Faced with an increasing backlash against portrait retouching, researchers have crafted a program to quantify just how much the picture has been tweaked.
Retouching images is a fact of life for photographers, especially those doing portrait work. It can be as little as tweaking color and cropping down, but soon it evolves into fixing blemishes, whitening teeth, then resculpting noses and completely changing the way a body looks. There's been an increasing backlash against heavily editing models, especially women in advertising, for presenting young women with unrealistic body types. Some countries in Europe have pushed forward with legislation to ban retouching all-together. The problem with this is how do you differentiate between tweaking image sharpness and removing most of someone's thighs? Or clearing up some stray hair in the face compared to dramatically altering their spine?
This new research out of Dartmouth compares the original and retouched versions of a photo, and using two different methods creates a single number to judge how retouched it is. In the image above, you can see the two methods: the geometric distortions depicted as a vector field, and the photometric distortions. The former measures reshaping of the image, the latter removing of blemishes and sharpening. By combining information from both of these tests, it produces a single score on a scale from 1-5, which says how retouched an image is — a scale which holds up dramatically well when compared to people's perceptions of how altered the image is.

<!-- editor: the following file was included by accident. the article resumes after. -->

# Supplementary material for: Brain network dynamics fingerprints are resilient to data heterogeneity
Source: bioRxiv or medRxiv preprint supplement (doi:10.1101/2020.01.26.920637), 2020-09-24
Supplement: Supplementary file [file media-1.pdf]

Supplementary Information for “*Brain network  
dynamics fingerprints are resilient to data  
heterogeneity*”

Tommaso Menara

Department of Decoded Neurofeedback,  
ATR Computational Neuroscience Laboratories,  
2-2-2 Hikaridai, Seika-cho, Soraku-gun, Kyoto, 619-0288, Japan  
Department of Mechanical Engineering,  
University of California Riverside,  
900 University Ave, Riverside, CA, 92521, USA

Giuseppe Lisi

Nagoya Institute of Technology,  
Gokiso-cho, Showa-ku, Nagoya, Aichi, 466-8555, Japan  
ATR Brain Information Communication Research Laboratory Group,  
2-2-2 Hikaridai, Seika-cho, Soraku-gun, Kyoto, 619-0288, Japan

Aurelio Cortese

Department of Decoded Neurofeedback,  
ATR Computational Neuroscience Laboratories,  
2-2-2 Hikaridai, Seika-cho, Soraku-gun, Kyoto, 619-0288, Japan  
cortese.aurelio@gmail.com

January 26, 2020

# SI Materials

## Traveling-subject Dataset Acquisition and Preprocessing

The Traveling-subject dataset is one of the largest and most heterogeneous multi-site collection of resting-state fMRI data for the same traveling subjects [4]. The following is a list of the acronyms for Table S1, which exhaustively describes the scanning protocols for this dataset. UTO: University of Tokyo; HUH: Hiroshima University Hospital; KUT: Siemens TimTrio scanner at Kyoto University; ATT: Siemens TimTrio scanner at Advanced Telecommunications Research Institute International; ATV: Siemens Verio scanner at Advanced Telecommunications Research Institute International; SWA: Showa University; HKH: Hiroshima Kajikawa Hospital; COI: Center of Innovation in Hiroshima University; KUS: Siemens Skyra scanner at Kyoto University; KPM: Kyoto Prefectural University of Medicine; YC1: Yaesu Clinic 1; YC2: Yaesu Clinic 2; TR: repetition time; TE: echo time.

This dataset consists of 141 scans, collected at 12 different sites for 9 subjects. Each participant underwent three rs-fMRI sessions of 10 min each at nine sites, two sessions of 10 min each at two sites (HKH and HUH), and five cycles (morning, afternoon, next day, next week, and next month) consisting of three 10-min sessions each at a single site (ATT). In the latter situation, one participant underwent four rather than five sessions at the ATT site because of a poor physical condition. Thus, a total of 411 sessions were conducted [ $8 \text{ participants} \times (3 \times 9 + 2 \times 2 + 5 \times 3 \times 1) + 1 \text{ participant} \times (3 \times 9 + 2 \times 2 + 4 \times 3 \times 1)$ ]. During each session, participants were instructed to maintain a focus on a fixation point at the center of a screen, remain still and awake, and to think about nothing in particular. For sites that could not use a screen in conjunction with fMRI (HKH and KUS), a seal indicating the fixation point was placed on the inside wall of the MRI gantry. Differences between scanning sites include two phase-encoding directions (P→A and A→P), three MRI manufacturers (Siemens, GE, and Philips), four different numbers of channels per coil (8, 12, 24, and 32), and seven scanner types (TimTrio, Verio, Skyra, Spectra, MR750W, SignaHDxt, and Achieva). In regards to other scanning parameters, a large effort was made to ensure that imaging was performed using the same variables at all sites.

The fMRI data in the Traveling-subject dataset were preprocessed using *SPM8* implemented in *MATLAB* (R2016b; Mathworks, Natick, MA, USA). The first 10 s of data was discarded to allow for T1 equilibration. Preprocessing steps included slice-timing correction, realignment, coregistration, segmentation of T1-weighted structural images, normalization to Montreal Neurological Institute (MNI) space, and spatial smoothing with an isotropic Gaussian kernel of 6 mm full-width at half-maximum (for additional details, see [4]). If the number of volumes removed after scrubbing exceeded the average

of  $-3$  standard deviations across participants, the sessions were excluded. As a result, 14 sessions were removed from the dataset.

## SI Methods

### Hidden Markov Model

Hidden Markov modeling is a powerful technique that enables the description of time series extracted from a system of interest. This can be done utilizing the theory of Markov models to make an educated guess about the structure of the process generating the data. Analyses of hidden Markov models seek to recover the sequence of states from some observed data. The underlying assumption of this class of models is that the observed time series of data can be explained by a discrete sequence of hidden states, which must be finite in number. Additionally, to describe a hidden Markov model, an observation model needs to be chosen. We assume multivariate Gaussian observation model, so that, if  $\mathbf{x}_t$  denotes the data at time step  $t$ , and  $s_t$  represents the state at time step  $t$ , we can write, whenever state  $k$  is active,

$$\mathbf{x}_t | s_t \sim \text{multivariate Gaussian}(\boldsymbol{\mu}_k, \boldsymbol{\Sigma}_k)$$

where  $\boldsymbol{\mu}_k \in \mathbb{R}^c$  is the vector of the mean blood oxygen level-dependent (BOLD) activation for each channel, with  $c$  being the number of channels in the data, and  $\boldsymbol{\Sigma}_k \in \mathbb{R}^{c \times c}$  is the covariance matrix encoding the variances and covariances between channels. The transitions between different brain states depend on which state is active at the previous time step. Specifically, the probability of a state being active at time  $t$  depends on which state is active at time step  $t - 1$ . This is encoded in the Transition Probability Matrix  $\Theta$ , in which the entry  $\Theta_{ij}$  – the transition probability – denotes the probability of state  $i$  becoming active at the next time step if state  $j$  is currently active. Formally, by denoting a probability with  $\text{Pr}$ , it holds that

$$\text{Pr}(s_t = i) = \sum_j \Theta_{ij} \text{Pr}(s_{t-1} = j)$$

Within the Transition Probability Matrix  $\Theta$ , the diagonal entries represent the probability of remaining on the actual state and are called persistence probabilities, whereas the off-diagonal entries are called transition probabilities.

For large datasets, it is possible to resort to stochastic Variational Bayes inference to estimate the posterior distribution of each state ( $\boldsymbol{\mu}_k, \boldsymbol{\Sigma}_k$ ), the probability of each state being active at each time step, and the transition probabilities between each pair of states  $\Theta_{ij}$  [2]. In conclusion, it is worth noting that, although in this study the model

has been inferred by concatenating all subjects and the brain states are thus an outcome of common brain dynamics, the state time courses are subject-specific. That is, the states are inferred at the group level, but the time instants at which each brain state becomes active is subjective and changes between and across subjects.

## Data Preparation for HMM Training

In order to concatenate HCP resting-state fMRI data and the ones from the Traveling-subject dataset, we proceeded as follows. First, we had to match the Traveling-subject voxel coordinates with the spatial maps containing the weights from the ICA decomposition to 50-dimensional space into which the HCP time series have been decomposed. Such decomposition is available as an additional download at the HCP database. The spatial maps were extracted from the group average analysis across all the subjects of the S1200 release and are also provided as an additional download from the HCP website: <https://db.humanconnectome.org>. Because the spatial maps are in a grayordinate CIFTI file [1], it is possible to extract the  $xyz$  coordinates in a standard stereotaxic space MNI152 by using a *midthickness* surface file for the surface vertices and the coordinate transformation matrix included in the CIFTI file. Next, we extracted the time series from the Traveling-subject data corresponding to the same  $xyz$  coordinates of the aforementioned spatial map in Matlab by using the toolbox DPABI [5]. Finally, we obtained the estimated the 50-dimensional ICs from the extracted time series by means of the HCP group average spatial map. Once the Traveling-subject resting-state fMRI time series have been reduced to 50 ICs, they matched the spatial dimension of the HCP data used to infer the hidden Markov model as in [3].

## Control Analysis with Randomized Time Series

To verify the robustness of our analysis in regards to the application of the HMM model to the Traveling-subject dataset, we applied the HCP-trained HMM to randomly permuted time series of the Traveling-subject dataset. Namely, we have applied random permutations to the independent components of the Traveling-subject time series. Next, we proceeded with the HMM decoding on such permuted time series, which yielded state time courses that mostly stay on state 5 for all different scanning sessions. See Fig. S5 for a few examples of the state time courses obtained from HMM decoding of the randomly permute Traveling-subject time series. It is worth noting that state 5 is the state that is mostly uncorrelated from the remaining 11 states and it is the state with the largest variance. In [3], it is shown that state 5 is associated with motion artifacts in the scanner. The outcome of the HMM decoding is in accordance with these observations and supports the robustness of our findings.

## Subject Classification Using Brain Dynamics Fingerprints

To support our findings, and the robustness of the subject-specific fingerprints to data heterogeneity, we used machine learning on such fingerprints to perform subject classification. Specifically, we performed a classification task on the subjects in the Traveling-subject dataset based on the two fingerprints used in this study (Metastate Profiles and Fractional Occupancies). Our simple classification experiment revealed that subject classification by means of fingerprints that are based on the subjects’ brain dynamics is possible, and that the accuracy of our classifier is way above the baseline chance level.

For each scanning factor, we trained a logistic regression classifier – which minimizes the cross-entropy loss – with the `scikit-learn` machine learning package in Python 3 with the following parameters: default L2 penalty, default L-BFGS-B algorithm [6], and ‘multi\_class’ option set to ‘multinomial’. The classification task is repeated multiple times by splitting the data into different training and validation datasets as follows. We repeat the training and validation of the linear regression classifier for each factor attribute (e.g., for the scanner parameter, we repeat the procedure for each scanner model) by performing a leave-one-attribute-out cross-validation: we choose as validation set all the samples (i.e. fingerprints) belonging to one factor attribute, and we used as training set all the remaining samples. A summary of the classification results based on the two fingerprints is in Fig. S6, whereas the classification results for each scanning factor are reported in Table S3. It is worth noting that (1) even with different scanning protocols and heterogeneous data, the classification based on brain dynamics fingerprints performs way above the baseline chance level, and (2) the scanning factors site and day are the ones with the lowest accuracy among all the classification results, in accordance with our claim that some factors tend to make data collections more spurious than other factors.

The theory is that ads could be given a rating, much like movies, which give you a quick and easy way of telling the depth of the reshaping. However, it demands cooperation from the industry, because it requires the original image for comparison. Because of this, there will always be ways of getting around the system, unless you can discover a way of guaranteeing that the original image provided is the RAW file directly from the camera. There is some software that attempts to perform a similar trick using only the final image, but it's remarkably difficult to interpret accurately, where the new software seems comparatively straightforward. Hopefully a combination of the two will allow a better grasp of just how heavily retouching is used, and increase awareness of when and where it's abused.